10 mins.


Show 8

Jim Santy Auditorium, 3rd Floor, Park City Library

Robert Fleisher / Dans le piano


Fixed media electronics, 1970

Dans le piano is a digitized recording of a brief improvisation I performed inside the upright Chase & Baker piano in my childhood home on Manhattan’s upper west side in 1970. A bare minimum of audio processing or editing was involved. The title’s derivation from Debussy’s Pour le piano reflects the primacy of timbre in this youthful experiment, one of three tape pieces retrieved in recent years from my analog archives (100 seven-inch reels) after resting there comfortably for four decades. Dans le piano was premiered at Electronic Music Midwest (2012); subsequent venues include CMS, SCI, SEAMUS, Parma Music Festival, and the University of Alabama (Cicada Consort marathon). In 2017, Dans le piano was heard at National Sawdust during the NYCEMF and during the Audiograft Festival (U.K.)–RF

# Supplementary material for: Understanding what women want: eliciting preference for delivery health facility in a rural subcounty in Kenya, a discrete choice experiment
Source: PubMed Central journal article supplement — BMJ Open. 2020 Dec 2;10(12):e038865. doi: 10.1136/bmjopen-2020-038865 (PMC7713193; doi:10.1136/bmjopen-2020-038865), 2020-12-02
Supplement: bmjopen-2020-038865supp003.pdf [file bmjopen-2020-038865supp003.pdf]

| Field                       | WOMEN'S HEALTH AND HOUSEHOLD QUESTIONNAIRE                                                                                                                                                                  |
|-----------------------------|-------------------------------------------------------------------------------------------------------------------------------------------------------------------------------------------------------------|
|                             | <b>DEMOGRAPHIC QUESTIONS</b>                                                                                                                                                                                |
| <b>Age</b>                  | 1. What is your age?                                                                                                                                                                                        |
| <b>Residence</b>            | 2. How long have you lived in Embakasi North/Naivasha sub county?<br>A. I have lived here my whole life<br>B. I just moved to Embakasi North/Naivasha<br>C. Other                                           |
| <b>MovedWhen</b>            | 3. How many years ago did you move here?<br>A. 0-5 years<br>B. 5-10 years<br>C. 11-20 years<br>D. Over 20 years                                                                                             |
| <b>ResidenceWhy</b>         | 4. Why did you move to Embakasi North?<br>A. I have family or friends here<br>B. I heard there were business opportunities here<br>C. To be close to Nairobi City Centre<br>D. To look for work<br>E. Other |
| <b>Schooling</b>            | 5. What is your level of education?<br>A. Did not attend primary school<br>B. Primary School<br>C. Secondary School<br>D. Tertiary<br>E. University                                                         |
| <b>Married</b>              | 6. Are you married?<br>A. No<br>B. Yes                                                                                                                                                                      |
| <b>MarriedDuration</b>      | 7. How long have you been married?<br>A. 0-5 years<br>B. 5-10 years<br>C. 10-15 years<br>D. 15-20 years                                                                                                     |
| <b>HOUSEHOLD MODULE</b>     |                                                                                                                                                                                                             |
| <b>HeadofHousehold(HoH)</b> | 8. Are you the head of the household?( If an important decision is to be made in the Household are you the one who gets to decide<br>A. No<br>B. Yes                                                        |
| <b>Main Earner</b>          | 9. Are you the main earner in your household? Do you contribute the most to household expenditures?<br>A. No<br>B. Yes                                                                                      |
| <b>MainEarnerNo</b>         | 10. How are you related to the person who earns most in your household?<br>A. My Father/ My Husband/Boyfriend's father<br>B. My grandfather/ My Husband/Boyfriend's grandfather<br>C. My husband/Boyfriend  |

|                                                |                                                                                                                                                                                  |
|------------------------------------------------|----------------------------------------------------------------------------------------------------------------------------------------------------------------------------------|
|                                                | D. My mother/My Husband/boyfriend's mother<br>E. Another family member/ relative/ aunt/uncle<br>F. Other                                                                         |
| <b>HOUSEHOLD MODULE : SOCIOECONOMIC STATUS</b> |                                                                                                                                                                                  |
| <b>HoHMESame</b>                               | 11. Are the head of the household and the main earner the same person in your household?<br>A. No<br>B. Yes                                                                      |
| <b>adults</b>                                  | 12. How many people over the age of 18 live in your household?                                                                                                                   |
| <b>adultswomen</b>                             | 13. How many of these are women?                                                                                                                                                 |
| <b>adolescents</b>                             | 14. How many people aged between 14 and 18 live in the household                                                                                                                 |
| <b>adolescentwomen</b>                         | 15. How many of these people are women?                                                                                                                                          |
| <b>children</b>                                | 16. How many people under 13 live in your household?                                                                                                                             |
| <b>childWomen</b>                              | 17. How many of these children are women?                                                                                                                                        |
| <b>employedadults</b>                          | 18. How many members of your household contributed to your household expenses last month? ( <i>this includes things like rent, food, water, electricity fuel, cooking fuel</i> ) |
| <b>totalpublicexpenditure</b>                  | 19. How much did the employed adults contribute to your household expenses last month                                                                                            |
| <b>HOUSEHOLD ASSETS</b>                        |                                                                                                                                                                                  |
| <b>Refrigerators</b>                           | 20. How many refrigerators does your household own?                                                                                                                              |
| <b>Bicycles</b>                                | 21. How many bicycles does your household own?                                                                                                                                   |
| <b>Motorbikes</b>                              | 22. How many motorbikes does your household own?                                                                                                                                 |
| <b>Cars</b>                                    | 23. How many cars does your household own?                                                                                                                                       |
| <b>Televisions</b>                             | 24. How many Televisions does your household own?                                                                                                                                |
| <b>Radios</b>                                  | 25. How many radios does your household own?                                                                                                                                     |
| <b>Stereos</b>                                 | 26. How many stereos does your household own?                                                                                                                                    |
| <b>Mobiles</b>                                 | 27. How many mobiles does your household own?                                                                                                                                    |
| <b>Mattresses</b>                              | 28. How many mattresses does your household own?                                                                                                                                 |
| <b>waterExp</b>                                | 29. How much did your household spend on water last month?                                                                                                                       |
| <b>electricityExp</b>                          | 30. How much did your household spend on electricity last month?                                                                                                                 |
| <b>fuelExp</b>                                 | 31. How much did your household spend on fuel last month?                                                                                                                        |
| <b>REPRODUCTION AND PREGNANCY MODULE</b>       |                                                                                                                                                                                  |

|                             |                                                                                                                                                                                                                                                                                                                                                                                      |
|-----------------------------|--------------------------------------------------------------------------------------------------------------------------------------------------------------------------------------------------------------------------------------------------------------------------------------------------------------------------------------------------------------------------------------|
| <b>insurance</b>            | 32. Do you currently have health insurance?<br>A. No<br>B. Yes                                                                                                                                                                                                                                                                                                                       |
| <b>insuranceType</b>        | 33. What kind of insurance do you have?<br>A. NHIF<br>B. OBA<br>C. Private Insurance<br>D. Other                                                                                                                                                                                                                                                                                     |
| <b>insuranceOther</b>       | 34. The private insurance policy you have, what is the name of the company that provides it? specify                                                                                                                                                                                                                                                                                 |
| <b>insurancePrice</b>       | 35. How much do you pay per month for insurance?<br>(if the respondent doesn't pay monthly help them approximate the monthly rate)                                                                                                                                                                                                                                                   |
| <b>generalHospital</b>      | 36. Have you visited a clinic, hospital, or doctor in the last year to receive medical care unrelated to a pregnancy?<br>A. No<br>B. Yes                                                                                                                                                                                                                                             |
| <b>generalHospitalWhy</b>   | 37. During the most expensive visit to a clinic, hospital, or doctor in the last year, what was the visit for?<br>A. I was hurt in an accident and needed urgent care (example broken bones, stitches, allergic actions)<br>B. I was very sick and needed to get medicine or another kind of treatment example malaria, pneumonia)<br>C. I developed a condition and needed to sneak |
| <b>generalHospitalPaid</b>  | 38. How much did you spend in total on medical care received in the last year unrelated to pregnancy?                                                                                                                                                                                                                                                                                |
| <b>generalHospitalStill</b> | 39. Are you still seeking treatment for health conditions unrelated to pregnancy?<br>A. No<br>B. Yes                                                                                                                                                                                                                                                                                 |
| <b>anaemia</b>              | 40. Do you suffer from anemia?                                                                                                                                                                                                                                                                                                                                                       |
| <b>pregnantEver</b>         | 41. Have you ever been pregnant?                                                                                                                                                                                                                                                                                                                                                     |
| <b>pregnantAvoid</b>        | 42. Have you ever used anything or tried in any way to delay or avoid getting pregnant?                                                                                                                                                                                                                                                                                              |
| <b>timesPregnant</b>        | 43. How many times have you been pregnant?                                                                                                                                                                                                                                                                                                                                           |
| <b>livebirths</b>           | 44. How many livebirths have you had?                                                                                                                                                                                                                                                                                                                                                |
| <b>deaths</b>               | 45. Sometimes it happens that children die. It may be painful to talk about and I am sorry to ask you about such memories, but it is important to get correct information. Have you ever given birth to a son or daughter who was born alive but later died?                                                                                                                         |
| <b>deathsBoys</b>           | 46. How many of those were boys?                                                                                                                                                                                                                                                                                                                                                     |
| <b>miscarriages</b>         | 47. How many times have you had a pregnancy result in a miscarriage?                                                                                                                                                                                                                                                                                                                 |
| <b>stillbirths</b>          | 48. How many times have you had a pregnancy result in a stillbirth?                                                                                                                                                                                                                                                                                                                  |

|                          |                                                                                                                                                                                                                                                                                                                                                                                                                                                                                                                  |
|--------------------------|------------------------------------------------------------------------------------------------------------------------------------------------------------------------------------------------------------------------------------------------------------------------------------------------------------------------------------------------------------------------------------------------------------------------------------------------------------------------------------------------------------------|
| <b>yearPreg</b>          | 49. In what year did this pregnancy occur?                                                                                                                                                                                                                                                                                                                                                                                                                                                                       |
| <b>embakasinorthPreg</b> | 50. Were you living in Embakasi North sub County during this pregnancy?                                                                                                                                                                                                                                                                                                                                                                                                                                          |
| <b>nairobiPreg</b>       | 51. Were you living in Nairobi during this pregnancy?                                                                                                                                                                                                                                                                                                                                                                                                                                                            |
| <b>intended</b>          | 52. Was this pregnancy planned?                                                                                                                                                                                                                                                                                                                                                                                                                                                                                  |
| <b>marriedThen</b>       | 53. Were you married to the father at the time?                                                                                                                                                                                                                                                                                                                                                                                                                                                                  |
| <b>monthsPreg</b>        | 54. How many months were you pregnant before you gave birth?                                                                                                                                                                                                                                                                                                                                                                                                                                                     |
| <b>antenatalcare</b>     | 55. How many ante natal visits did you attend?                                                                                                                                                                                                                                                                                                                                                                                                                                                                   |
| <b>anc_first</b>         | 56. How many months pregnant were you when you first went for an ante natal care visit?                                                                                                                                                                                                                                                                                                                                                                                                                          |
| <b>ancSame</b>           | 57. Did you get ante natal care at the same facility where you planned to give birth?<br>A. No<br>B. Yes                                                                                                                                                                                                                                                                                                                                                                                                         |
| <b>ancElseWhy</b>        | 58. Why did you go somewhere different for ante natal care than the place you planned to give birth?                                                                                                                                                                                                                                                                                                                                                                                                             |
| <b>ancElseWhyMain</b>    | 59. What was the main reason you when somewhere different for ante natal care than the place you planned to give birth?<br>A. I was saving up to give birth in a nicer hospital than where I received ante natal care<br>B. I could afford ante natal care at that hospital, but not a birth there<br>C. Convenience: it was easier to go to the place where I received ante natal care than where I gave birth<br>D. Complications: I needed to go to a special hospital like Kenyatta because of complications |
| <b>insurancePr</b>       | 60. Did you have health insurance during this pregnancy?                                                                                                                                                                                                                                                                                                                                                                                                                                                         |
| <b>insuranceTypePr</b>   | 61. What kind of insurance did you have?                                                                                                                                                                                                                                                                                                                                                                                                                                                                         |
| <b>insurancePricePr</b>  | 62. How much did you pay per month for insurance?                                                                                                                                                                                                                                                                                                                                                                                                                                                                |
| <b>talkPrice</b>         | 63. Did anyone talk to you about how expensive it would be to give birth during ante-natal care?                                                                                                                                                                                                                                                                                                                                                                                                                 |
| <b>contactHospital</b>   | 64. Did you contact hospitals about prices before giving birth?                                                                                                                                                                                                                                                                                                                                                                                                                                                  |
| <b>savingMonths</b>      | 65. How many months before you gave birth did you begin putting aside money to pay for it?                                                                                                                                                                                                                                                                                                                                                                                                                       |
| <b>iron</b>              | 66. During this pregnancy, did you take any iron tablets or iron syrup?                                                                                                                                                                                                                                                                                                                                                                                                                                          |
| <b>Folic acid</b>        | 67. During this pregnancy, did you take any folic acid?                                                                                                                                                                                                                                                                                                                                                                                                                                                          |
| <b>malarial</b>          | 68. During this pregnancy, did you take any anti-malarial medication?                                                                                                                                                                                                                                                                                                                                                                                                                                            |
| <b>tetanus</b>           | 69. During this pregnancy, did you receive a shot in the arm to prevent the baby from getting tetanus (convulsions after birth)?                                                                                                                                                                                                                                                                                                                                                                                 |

3 mins.

Joseph Davancens / Abyssal Plain


For bass clarinet, double bass, tam-tam, and synthesizer

Performed by Katie Porter, Joseph Davancens, Devin Maxwell, and Kris Anaya

19 mins.

Maria Mykolenko / sounds and voices


2-channel fixed media electronics.

The piece “sounds and voices” for 2 channel fixed media was composed in 2018. The piece is based on samples of recordings of music performed as well as speaking voices and environmental sounds. The piece uses both processed and unprocessed samples to create a soundscape. The concerns here are both cultural and political. The piece presents a narrative; the very abstract story of an immigration from Eastern Europe. The spoken languages in the piece are English and Ukrainian. The piece has been performed in both eight channel and stereo format. The programs used included Logic, Audacity and Metasynth.

14 mins.

Jacky Card / Nausea